The Government will lift the “cap” on core public servant numbers in a bid to save the taxpayer millions of dollars, State Services Minister Chris Hipkins says.
The move has been welcomed by unions, with the Public Services Association (PSA) saying the move is a “big win” for its members.
The previous National Government introduced the cap in the height of the Global Financial Crisis in 2009 to limit the number of permanent staff employed by the Government.
The initial cap of 38,859 Full-Time Equivalents (FTEs) was set in 2009; it was then reset to 36,475 FTEs in 2012.
In a statement, Hipkins says the policy created “perverse incentives” and forced the previous Government to find ways around it.
This included a massive spike in spending on contractors and consultants.
The total cost to taxpayers of contractors and consultants in the June 2017 year was more than $550 million, according to Government figures.
“This is an increase of $272 million – nearly double – on the amount spent in 2008/09, before the cap was introduced,” Hipkins says.
He adds that the removal of the cap will see public services re-build their in-house capabilities, rather than spending “millions on temporary contractors.”
In a Cabinet paper, Hipkins says the cap also eroded institutional knowledge, restricted the ability of agencies to improve services and contributed to reduced recruitment of new graduates.
“Removing the cap is straightforward,” Hipkins told Cabinet in May. All it would mean is that the State Services Commission would stop reporting and monitoring the number of core Government staff.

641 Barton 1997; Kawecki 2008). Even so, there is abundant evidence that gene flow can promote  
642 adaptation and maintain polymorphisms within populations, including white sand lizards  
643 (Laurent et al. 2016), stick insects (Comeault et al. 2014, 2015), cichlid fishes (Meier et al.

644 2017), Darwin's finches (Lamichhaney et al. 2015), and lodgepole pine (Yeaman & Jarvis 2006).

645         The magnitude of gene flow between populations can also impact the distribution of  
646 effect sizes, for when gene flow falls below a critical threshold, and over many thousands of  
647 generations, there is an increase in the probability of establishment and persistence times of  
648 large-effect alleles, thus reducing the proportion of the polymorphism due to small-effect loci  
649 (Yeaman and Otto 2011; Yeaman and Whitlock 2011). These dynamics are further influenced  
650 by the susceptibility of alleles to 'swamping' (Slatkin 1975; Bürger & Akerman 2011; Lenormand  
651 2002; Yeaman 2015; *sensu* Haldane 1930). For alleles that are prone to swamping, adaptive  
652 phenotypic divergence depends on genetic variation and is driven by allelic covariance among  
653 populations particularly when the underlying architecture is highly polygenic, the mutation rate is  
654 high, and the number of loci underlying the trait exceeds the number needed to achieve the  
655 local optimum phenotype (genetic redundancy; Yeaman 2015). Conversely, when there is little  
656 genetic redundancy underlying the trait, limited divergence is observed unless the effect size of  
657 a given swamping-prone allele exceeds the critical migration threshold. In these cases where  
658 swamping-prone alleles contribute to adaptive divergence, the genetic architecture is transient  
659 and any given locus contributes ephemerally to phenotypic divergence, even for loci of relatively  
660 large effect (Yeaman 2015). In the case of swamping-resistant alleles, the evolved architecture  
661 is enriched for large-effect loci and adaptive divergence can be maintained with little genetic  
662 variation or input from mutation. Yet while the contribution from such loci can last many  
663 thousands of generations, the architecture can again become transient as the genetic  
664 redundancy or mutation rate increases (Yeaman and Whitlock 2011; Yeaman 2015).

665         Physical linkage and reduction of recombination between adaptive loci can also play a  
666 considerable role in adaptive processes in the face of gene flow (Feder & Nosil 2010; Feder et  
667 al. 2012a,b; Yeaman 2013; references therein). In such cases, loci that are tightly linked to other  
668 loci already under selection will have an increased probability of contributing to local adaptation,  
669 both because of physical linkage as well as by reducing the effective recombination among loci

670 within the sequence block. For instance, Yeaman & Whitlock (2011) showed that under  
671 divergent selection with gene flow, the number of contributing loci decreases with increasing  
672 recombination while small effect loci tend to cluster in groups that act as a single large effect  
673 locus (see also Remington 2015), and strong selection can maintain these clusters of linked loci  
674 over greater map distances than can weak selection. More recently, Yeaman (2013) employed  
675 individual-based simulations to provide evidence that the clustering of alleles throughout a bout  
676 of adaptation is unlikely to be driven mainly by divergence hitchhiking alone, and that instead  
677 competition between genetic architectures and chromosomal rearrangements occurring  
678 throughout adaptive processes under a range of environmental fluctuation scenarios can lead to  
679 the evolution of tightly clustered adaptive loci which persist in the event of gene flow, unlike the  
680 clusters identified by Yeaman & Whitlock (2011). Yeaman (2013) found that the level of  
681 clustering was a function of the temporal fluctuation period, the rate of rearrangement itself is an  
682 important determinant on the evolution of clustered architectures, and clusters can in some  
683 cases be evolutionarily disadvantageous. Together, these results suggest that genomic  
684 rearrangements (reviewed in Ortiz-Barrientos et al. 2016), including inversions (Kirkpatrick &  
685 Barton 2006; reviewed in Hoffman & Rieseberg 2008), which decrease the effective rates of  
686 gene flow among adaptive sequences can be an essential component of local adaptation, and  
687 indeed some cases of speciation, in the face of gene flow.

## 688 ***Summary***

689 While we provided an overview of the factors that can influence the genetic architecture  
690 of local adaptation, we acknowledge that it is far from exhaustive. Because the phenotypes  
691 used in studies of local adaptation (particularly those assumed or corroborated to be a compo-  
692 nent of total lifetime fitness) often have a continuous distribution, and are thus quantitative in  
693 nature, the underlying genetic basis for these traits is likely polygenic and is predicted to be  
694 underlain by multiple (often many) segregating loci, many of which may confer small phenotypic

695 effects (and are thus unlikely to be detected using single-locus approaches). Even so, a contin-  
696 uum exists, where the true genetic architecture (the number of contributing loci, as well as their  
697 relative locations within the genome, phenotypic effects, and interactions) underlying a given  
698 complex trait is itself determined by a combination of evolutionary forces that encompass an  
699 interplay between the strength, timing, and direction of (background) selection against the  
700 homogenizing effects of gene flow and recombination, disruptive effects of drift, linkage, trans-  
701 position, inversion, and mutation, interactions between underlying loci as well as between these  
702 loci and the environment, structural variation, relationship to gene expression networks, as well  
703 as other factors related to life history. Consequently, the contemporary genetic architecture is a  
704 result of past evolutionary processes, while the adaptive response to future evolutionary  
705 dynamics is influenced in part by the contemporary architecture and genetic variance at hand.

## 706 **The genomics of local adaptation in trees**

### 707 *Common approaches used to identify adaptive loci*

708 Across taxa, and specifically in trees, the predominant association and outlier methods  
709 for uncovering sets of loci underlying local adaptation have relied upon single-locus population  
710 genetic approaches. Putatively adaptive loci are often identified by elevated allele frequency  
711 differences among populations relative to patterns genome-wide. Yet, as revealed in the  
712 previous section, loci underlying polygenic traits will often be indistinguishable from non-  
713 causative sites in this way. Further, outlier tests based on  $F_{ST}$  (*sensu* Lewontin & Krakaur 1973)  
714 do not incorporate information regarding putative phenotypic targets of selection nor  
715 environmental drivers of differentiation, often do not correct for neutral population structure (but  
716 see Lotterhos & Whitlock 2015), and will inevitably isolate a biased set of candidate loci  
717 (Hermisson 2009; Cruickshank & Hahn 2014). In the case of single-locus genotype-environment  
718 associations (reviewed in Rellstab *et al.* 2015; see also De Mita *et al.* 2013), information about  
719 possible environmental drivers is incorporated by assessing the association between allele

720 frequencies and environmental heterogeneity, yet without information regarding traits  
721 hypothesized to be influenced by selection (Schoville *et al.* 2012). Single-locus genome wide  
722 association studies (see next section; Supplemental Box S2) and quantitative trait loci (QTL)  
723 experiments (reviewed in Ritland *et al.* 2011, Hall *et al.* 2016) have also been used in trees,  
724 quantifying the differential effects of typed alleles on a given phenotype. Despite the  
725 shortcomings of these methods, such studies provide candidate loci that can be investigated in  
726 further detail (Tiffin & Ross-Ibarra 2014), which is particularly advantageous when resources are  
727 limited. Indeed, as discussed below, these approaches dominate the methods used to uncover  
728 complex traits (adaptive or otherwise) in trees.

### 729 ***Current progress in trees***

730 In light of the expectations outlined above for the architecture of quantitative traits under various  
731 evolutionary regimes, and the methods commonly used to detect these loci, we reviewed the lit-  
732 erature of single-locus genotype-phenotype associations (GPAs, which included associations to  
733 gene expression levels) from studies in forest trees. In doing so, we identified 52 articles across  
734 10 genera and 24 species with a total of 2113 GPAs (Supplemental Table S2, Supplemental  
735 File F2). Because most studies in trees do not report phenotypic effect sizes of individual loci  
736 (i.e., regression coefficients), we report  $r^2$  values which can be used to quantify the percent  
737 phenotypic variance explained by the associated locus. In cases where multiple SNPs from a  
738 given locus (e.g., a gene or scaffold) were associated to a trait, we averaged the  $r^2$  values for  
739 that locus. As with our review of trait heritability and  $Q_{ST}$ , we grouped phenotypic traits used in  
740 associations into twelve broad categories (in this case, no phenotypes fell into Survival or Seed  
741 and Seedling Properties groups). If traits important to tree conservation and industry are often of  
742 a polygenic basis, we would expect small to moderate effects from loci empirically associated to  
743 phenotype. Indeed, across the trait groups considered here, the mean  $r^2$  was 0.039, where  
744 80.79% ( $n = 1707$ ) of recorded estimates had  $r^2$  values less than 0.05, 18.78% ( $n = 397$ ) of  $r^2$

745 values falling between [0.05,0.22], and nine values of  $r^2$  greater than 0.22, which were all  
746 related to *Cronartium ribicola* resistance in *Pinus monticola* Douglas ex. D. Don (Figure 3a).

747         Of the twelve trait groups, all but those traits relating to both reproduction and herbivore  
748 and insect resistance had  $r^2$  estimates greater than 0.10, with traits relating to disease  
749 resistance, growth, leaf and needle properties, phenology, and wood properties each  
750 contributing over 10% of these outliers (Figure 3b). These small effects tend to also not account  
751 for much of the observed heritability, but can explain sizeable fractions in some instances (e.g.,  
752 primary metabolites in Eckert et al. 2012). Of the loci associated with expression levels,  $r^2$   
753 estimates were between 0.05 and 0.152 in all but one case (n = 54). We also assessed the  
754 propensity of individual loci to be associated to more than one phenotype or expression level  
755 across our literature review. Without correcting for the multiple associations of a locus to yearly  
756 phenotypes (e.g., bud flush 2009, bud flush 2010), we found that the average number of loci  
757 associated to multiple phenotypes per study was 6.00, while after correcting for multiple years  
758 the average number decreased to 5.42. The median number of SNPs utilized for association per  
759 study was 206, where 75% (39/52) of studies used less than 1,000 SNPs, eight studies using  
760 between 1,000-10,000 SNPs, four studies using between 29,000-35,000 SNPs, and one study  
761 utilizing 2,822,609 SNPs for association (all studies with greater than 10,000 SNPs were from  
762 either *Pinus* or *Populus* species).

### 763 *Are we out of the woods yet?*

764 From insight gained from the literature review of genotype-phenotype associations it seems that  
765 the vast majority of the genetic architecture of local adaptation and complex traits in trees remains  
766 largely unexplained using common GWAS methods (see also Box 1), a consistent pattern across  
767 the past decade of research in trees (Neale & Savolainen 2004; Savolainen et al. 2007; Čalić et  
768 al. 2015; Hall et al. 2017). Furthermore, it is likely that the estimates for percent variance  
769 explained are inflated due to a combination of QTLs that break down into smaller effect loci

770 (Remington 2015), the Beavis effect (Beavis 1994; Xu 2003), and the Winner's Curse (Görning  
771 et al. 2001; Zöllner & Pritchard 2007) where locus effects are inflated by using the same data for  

There will be no financial implications of removing the cap, the Cabinet paper says.
Hipkins says the Government will still maintain fiscal accountability and discipline.
“Lifting the cap creates incentives for agencies to find efficiency savings. It’s up to agency chief executives to demonstrate why they can no longer manage within existing budgets.”
He says the Government will still be held to account through Parliament’s select committee process and beefed up answers to annual estimates and financial review questionnaires.
PSA National Secretaries Glenn Barclay and Erin Polaczuk say the union is delighted this “relic of National’s dismissive attitude towards the public service has finally been relegated to the dustbin of history.”
He says the PSA has been lobbying the Government to lift this cap.
The Taxpayers’ Union has also welcomed the move.
“For years it’s been no secret in Wellington that Government departments throw huge money at contractors. It’s the type of gravy train a centre-right government should have hammered,” the Union’s spokesman Louis Houlbrooke says.
But, as Hipkins has confirmed the savings will instead be used to expand the public service further, “there are no heroes for taxpayers in this story,” he says.